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November 8, 2019 Sermon

11/07/2019 09:13:44 AM

Nov7

Rabbi Robinson

Recently, in Boston, the Argentinian-born composer Osvoldo Golijov premiered his latest song cycle, called Falling Out of Time. The cycle is based on the 2014 novel by Israeli author David Grossman. The novel and song cycle are about a couple, grieving their child, now dead five years. The father, wracked with grief and pain and guilt, and perhaps driven mad, says that he must walk—must go—to where his son is, a journey that his wife knows is impossible. How can you walk to where your loved one has gone when he has died? But he gets up and goes, and soon is joined by others in the town who have lost their children, walking on a pilgrimage with no end. The music, like the novel, is haunting. They raise questions of grief and loss, which Grossman has explored in other novels, himself losing a son in the last Israeli war with Lebanon, but also raises a question of what it means to go.

We use the language of going, of movement, as much in the existential sense as we do in the geographic sense. How often have we talked about going somewhere—or nowhere—not meaning a literal place you can find, but as a state of being? When we ask, ‘where are we going?’, we’re just as likely to be asking about the direction of a particular set of choices, a course of action, a conversation, as we are asking where we are relative to a destination point on a map. We might ask: where are we going

-with this project?

-in this relationship?

-with our goals, our hopes, our dreams?

Likewise, we may use that language of movement to describe forward or backward motion, not just on the road to some place, but on the road of life. When we talk about how our lives, our goals for ourselves, our sense of success, we often use that language.

“I feel like I’m making progress”

“I feel stuck, or like I’m going backwards”

“I feel like the destination is farther and farther away.”

We can’t escape it, even when we check in with each other. How often, when we ask how our friend is, we say “how’s it going?”

These are all metaphors, of course. We can’t actually arrive in our relationships or our projects the way we arrive at Shoprite or a friend’s house. And yet, that language is incredibly evocative. We seem to have this need for that sense of movement in our lives, as if we are going somewhere. That’s the power of the Alvin Fine reading before Kaddish: that life is a journey, made stage by stage, a sacred pilgrimage.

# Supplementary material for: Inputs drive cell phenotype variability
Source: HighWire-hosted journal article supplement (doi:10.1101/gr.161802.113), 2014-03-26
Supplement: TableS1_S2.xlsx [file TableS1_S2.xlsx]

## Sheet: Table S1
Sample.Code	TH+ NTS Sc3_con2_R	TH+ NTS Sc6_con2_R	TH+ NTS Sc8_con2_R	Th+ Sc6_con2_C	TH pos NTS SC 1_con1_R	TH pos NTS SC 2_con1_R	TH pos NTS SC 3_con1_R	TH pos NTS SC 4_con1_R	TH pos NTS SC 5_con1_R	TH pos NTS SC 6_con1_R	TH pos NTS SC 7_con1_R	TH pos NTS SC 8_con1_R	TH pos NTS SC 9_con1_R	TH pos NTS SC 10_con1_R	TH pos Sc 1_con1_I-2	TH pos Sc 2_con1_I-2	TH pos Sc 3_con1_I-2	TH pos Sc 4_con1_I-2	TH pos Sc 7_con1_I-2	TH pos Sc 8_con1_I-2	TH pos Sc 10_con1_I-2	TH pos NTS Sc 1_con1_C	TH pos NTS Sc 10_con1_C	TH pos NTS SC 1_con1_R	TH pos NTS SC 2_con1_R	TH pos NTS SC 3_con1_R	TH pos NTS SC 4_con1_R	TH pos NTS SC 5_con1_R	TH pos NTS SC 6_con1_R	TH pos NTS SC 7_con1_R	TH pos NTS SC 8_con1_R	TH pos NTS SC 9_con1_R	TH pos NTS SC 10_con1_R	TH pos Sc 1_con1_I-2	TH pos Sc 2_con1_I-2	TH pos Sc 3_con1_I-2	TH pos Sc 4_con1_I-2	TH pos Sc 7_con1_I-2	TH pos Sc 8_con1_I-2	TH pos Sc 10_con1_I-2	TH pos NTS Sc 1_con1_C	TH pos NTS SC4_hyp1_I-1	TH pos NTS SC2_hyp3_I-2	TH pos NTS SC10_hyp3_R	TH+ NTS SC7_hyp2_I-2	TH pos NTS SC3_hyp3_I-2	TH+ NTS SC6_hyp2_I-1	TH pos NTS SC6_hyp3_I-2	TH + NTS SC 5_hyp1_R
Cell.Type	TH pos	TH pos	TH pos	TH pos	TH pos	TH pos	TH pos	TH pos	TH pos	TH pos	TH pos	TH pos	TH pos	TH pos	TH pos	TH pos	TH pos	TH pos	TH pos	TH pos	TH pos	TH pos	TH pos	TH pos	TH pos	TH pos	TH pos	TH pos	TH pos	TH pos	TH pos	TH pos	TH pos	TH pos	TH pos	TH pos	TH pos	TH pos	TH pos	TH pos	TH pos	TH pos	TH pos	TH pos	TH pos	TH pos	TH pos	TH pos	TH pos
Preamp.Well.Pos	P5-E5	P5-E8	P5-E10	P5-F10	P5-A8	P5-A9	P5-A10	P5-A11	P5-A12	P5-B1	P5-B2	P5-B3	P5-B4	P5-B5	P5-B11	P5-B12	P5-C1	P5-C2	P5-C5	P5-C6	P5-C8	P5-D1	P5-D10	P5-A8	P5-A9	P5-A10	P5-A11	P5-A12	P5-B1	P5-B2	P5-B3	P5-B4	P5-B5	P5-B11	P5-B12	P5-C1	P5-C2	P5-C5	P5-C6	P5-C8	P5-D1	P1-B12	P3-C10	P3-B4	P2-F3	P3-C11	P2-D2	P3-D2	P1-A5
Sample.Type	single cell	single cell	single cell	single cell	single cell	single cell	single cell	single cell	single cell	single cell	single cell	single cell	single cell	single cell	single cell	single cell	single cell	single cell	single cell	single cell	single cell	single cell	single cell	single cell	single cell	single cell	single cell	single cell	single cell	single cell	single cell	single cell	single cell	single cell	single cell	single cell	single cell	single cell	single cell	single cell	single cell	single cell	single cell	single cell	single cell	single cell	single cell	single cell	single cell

But a pilgrimage to where?

Which brings us to our Torah reading, which we heard Rabbi Koppel share a few moments ago. Lech Lecha : You, Abram, Go. Go from your land and your birthplace and your family’s home to the land that I will show you, and I will bless you. We know the words, from Debbie Friedman if no one else. And those words Lech Lecha (or in the feminine, lechi lach) just roll off the tongue. They’re wonderfully alliterative. But they also present a problem. Because God doesn’t just say “go” or “you go”. God says, “Go to you”, a turn of phrase that just doesn’t get used that much (though interestingly, it is how God sends Abraham forth in the binding of Isaac story). Why does God say it that way, with this unusual turn of phrase: “Go to you”?

One possibility is that, that’s just how Hebrew works. It’s a quirk of the language. And it is, kinda. But as I said, it doesn’t really work like that.

Rashi, everyone’s favorite medieval French rabbi, suggests a radically different take, that we should read it hyper-literally. Instead of reading it as ‘you go’, we should read Go for yourself. That is, for your own sake; that the going will allow Abram to become Abraham. The going, as Rashi understands it, is now not just a physical journey, but a spiritual one as well. The midrashic Sefer Ha-Yashar takes this even further a few centuries later by saying that Abraham couldn’t realize his full potential unless he left as God commanded, so leaving becomes an act of self-actualization.

I want to take this idea even further: that Avram’s journey is, fundamentally, our journey. That when we talk about life as a journey, when we use that metaphorical language to describe ourselves as progressing or regressing, we are either moving closer to or further away from our selves. Our real selves. Our full potential selves. Our actualized selves. The kindest, most ethical, most thoughtful version of ourselves. That when we ask ourselves where we’re going, what we’re really doing is expressing the sense of distance from who we know we’re meant to be. Not in some grandiose, ego-inflated, delusional idea of the self, but truly in the sense that we can feel the destination, and the distance, in our bones: both our own hope for ourselves and our own disappointment, our own grief, when we fall short. Yet we keep moving forward. If we are fortunate, we might become a person like Connie Kreshtool, who won’t admit it, but who has chosen again and again to journey toward the holy and the right. We dare not mention the alternative. We keep moving forward.

Toward the end of Falling Out of Time, a child’s voice is heard singing a lullaby to the parents: “there is breath, there is breath, inside the pain, there is breath.” To breathe is to journey, even through the pain and loss as well as the hope and joy, toward our real selves. Abram’s journey is full of peril, full of trials, full of triumph and tragedy. Abram’s journey is ours, it is the same, as we move forward, lech lecha, for our own sake. As our prayerbook reminds us, God disturbs us toward our destiny, by hard events and by freedom’s now urgent voice. We don’t like leaving, but God loves becoming. May we move forward, always, toward our best selves, toward becoming. Amen.

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